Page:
MANILA - Senate President Franklin Drilon on Tuesday explained why local casinos were given a free pass when Congress was weighing a tougher law against money laundering in 2013.
This, after the recent discovery of what could be the single largest money laundering activity in the country, involving $100 million of proceeds from criminal activity that were funneled into several local banks and casinos
The alleged "dirty money" was brought into the country's banking system, sold to a black market foreign exchange broker, transferred to local casinos, sold back to the money broker, and moved out to overseas accounts in a matter of days.
The Anti-Money Laundering Act (AMLA) does not cover casinos and Internet gaming.
Speaking to radio dzMM, Drilon said the AMLA was amended after the Financial Action Task Force (FATF), an inter-governmental body, threatened in 2012 to blacklist the Philippines unless it assumed greater powers to examine non-bank accounts, including casinos.
But the House and state regulator Philippine Amusement and Gaming Corp. (PAGCOR) argued that inclusion of casinos in the amendments would deter investors.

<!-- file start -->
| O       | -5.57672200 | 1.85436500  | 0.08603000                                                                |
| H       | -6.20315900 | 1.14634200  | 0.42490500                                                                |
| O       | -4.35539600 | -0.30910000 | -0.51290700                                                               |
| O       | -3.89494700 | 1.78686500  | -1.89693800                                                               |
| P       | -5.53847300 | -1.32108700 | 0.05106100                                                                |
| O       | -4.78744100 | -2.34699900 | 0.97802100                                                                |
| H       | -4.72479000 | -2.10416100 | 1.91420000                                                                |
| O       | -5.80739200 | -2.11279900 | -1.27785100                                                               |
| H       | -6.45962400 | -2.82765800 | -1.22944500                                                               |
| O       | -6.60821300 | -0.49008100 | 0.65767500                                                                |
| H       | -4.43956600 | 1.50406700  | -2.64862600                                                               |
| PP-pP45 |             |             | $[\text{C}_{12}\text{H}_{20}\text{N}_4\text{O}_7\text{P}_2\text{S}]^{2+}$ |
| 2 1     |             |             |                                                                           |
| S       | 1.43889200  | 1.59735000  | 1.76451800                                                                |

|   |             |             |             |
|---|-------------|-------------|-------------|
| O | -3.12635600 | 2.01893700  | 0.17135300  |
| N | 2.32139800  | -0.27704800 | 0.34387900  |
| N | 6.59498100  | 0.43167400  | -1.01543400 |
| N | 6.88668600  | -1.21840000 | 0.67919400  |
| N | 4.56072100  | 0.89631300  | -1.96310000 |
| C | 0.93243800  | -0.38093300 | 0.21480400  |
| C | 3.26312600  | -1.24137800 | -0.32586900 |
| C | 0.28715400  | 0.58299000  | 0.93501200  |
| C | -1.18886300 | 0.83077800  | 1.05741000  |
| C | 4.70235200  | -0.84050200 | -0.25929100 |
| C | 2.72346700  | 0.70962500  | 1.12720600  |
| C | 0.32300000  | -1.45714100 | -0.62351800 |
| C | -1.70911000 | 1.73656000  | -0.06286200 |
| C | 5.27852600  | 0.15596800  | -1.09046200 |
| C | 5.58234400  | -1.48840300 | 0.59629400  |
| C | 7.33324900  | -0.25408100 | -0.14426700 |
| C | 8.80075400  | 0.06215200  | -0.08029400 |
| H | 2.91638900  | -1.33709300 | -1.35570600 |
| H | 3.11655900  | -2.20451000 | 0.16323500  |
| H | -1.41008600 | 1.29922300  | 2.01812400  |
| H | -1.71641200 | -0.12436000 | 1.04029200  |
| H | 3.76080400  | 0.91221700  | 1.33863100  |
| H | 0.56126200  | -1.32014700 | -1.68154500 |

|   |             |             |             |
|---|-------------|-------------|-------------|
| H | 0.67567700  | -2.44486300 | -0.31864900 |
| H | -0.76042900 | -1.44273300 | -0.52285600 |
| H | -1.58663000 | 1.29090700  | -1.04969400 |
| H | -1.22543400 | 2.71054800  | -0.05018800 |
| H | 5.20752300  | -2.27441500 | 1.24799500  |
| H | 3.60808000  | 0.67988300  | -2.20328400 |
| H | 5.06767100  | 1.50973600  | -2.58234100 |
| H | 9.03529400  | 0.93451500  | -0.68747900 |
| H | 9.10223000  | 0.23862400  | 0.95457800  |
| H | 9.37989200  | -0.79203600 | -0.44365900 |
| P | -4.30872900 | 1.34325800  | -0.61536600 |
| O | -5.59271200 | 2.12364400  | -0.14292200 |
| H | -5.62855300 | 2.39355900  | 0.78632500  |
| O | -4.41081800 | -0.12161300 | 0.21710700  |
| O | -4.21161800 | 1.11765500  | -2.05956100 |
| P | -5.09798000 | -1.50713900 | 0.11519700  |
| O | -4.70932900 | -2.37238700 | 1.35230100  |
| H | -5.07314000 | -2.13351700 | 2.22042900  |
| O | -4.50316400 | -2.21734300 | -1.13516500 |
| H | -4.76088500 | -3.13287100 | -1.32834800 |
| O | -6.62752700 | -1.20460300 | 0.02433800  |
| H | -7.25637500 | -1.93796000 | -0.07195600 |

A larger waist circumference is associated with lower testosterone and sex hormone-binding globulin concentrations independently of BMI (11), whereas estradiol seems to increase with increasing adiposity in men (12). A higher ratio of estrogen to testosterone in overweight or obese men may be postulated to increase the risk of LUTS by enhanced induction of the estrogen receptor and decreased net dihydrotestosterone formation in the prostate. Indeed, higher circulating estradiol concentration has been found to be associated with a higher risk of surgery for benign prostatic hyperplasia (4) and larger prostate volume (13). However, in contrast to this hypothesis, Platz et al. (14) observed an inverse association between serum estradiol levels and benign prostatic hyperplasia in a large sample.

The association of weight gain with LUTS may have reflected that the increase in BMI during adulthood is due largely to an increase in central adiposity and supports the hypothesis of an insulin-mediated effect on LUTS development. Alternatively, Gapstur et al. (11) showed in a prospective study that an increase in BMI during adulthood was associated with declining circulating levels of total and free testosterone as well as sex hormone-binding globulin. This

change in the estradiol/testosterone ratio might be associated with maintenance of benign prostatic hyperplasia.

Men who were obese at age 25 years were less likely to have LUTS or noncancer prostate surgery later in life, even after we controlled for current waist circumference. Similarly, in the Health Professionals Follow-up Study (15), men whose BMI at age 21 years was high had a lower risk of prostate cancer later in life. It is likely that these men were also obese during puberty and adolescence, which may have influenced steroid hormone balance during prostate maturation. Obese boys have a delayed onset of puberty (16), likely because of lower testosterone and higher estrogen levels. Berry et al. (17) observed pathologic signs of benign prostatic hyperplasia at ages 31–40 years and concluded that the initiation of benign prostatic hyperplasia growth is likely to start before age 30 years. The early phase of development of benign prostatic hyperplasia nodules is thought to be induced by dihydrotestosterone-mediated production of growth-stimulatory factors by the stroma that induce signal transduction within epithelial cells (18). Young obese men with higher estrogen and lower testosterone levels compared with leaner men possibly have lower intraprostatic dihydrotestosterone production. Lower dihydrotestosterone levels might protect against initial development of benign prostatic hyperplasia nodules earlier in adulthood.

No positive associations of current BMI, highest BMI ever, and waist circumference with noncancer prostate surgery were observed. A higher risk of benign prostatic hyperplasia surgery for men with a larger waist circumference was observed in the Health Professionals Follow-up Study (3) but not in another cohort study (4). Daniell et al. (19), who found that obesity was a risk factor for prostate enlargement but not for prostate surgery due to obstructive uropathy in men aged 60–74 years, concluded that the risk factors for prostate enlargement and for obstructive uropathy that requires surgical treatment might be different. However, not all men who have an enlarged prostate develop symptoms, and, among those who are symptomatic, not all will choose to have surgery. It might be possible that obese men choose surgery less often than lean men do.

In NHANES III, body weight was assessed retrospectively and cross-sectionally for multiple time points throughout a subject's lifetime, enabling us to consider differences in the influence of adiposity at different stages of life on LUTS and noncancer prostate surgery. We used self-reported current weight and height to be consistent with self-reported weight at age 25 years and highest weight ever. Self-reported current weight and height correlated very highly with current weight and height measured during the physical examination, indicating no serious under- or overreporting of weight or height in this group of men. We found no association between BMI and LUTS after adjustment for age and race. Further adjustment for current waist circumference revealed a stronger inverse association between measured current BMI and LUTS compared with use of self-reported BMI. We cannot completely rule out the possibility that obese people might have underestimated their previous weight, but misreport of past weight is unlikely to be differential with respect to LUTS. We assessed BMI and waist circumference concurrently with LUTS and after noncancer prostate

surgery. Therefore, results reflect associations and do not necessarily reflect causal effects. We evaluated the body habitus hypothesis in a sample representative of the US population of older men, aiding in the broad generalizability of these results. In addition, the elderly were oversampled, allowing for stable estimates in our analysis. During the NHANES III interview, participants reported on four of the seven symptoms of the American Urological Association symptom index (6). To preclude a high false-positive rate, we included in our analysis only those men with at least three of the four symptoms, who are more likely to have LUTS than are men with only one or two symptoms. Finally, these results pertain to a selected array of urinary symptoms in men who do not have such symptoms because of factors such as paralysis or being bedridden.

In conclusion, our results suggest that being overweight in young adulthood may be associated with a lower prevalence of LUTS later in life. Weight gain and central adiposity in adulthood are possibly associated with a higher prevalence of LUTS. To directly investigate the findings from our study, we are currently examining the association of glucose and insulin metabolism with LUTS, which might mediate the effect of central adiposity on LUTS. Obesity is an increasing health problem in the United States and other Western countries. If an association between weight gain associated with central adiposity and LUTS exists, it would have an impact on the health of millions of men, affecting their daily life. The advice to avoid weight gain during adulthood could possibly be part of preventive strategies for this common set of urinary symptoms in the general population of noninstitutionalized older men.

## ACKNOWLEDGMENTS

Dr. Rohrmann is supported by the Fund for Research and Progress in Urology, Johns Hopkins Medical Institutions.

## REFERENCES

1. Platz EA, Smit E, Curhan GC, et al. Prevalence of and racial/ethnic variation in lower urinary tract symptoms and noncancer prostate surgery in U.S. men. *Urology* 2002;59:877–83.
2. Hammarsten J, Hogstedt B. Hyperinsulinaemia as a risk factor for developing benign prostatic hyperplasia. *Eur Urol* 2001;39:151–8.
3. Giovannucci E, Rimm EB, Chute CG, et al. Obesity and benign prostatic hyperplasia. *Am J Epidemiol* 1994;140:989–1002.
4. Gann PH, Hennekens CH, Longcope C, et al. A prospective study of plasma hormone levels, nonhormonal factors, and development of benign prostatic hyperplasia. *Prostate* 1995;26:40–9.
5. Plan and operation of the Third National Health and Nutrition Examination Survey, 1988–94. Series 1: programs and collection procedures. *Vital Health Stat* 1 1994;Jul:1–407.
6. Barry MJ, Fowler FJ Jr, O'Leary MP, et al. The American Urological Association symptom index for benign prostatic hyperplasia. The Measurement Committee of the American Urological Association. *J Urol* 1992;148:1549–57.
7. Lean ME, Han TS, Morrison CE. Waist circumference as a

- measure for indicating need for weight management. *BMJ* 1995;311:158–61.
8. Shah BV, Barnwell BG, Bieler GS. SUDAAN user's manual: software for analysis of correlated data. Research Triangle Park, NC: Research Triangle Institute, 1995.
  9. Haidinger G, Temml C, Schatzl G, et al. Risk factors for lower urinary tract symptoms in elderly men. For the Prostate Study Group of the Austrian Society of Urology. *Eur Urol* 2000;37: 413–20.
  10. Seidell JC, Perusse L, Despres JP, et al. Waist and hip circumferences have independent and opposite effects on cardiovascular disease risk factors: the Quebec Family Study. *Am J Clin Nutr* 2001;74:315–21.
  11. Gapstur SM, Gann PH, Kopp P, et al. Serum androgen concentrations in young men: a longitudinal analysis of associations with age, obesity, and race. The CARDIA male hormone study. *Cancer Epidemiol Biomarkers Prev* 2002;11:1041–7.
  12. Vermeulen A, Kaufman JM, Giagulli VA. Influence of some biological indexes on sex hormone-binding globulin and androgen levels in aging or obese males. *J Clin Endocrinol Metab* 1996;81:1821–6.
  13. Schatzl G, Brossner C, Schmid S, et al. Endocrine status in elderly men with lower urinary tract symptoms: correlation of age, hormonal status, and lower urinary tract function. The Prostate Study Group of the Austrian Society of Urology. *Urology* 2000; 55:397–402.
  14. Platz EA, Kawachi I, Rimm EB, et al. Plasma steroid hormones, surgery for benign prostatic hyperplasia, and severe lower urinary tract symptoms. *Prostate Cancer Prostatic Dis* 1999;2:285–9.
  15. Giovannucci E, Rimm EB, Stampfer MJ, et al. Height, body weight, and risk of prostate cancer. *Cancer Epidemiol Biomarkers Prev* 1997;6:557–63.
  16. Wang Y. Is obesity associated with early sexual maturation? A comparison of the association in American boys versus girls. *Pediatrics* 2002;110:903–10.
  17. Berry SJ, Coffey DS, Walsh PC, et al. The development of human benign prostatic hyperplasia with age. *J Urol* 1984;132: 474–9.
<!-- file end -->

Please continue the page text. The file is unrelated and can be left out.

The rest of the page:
Drilon said this triggered lengthy debates and almost caused Congress to miss the deadline set by the FATF.
Time constraints forced lawmakers to pass the changes to the 2001 statute without covering casinos, Drilon said.
"Doon sa amendments, hindi lang casino ang ating isinasama, kundi may ilan pang mga institusyon na dapat ipasok. Kung hindi natin naipasa ang batas, mas marami tayong red marks sa Financial Action Task Force," Drilon said.
"Mas masama ang record natin kung mas marami tayong hindi naisama. Ang ginawa natin, kung ano man ang posible, ginawa natin para hindi tayo maisama sa graylist."
Inclusion in the FATF blacklist of deliberately non-compliant states would have made it difficult for millions of migrant Filipino workers to send money home and invest abroad.
Drilon said they pleaded with FATF for an extension to pass additional amendments for gaming dens.
The 17th Congress, he said, would prioritize this.
WATCH: Reforms in anti-money laundering law pushed
Drilon also denied that strong lobbying by PAGCOR influenced Congress in giving a free pass to casinos.
He also stressed that he was the original author of the AMLA, and he has no vested interest in game houses.
The Senate's passage of the AMLA came five weeks before the opening of Entertainment City, a $4 billion Manila casino complex aimed at rivaling Macau, Las Vegas and Singapore as a gaming hub. -- With a report from Agence France-Presse